I didn't have any rational basis for this, but I sort of expected John Vorhaus's book to be more along the lines of a long list of plays you can make in poker. The book is actually a wide-ranging collection of essays on poker that might strike you as anything from profound insights to vague ramblings. I lean towards vague ramblings - Vorhaus does have his own style, but I really didn't get much from the book beyond that. Someone new to poker might get more value from the book in helping develop an appropriate poker mentality.
I don't agree with everything Vorhaus says, but it's probably a good starting point. A couple of odd ideas made me wonder just how well Vorhaus knows his subject. He suggests that nut flush draws in omaha will come in at "roughly forty percent," and that if you have a large enough bankroll, you can trivially break even at omaha8 by seeing every flop (I'm no omaha8 player, but if this were true, 90% of the omaha players I've seen would be even).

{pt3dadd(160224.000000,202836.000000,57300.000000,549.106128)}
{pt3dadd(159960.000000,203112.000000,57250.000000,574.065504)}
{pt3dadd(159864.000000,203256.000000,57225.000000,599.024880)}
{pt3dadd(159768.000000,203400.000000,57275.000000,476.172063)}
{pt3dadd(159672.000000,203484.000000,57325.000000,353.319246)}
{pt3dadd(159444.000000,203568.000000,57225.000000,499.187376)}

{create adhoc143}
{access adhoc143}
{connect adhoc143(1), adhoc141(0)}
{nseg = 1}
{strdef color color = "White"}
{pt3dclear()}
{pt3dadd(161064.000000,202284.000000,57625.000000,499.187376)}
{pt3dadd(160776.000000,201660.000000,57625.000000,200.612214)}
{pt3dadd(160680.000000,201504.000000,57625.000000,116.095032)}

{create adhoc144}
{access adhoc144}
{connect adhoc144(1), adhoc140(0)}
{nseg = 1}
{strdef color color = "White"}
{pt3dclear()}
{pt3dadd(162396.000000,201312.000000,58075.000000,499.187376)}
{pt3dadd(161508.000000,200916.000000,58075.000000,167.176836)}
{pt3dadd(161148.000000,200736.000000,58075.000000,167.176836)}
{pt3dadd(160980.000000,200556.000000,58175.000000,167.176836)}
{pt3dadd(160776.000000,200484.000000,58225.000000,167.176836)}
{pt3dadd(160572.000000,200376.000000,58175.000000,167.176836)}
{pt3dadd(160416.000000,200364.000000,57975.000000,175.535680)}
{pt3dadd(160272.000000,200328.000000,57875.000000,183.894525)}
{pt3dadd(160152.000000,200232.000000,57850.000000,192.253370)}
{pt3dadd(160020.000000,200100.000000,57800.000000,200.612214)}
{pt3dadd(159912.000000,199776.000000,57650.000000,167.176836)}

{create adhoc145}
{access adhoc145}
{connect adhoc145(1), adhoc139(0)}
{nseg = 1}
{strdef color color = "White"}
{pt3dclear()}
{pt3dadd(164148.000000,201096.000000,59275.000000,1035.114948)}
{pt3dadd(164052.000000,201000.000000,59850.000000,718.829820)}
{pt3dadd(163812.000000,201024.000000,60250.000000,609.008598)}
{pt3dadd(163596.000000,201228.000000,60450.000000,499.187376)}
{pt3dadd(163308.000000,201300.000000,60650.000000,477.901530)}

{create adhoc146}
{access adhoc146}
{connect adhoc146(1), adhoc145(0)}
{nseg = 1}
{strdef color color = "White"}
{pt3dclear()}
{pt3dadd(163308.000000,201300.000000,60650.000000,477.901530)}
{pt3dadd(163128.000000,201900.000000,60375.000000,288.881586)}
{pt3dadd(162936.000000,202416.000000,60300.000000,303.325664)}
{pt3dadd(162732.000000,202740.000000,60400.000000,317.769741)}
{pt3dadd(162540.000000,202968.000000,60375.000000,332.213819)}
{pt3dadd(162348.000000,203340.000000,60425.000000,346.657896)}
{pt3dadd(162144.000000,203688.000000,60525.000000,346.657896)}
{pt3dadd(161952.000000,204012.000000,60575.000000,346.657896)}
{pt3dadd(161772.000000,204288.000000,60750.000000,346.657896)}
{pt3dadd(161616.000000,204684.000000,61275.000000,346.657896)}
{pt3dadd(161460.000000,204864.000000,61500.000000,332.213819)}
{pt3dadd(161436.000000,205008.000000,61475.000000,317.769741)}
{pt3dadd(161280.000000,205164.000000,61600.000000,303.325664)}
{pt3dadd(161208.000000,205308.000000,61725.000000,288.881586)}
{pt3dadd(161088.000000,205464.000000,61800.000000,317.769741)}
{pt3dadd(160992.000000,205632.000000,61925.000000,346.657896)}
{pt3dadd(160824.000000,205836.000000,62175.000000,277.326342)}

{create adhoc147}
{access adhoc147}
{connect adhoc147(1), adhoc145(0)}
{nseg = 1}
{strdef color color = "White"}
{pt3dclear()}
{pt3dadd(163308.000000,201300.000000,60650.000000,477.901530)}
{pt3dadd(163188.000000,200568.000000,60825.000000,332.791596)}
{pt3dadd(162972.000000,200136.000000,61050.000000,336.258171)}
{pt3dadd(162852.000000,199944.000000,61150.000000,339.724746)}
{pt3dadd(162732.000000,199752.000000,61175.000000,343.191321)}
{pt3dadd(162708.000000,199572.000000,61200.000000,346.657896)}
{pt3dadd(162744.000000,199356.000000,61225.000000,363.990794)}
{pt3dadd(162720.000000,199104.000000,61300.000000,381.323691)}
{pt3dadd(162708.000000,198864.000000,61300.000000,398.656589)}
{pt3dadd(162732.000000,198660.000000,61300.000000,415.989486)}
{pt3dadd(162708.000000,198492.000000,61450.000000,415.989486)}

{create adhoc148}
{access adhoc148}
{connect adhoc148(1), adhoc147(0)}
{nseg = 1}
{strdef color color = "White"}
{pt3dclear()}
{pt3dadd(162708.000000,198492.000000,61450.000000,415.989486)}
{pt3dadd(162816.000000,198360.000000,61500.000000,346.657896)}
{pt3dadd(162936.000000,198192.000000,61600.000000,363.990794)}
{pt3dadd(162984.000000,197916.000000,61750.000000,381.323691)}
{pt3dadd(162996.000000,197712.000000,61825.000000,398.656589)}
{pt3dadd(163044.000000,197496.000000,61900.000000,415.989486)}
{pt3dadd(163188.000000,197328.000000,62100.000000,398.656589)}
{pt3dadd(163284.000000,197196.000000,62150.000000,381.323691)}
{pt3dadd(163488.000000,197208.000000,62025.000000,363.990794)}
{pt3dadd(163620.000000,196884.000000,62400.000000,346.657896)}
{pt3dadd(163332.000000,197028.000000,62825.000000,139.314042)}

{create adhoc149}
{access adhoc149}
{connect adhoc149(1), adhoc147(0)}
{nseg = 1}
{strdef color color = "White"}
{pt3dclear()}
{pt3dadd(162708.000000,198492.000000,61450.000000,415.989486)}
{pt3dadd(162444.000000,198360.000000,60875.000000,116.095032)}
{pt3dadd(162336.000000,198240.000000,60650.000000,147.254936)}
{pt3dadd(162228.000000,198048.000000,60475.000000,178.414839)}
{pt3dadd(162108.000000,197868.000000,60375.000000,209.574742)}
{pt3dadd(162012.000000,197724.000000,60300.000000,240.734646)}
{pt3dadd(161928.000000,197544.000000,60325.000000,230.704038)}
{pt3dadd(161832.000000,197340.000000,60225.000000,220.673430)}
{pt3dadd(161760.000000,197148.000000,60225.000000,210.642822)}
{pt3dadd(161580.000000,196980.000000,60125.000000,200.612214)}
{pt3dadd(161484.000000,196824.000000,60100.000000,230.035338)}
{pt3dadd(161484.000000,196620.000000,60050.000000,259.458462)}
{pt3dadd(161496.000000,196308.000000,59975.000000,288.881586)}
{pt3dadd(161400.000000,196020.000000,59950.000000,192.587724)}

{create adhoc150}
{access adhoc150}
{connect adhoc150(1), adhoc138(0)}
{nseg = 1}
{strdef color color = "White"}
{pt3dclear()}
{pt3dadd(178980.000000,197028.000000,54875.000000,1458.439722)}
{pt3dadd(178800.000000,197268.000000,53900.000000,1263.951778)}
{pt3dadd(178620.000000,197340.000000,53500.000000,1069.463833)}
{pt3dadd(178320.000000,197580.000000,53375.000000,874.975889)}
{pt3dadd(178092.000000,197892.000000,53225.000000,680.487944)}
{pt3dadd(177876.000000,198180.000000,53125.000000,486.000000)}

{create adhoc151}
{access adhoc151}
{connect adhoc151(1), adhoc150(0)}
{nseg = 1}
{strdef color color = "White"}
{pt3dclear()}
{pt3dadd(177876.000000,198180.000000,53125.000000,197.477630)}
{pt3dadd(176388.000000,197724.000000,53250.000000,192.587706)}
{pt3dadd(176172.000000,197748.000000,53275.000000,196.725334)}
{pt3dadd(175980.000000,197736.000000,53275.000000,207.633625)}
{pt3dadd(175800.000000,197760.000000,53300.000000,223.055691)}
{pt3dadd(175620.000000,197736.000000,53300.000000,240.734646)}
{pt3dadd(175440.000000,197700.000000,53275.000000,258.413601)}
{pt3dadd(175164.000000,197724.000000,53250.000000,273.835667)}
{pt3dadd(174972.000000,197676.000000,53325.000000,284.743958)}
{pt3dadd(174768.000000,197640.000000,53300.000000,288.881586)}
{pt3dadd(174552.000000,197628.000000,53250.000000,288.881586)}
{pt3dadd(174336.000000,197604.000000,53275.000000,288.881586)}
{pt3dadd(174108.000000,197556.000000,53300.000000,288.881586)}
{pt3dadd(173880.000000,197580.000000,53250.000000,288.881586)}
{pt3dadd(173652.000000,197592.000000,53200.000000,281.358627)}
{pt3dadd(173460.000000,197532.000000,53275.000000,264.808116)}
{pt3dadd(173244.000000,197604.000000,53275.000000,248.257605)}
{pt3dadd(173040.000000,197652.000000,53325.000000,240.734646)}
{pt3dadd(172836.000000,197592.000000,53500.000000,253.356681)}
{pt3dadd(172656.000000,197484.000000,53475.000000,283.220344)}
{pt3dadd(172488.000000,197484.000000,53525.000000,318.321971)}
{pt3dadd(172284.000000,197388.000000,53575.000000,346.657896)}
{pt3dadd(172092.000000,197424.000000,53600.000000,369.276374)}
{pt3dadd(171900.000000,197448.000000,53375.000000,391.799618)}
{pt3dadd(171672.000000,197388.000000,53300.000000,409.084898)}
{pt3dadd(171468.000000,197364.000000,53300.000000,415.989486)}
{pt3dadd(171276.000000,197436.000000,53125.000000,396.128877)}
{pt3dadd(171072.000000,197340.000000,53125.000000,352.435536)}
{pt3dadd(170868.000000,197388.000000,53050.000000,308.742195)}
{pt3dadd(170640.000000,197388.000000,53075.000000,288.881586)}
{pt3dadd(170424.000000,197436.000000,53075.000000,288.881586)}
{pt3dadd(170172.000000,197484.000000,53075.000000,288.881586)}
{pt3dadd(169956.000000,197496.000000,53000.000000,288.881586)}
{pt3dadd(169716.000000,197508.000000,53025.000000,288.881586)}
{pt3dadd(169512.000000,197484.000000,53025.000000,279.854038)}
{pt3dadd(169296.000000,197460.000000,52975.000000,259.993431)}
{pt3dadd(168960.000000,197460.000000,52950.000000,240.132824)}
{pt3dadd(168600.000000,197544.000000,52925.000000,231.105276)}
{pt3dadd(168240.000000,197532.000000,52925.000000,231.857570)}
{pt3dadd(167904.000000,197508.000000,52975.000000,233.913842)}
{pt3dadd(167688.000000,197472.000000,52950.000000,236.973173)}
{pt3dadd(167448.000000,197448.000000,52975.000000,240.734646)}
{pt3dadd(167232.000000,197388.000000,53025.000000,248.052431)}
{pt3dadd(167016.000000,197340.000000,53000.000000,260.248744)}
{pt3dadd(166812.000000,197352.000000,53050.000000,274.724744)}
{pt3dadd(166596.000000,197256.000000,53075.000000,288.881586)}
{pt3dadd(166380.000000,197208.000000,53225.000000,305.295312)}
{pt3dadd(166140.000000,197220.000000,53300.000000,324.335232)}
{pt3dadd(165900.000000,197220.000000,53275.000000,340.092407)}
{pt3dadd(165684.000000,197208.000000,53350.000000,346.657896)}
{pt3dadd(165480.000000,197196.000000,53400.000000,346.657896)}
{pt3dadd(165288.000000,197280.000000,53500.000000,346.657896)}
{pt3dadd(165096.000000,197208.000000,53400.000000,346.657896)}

The final section of the book contains a series of short short stories, set in a fictional Vegas-like town. They're not liable to show up in literary journals any time soon, and they didn't strike me as especially interesting, but if you read fiction solely for its poker content, you might enjoy them.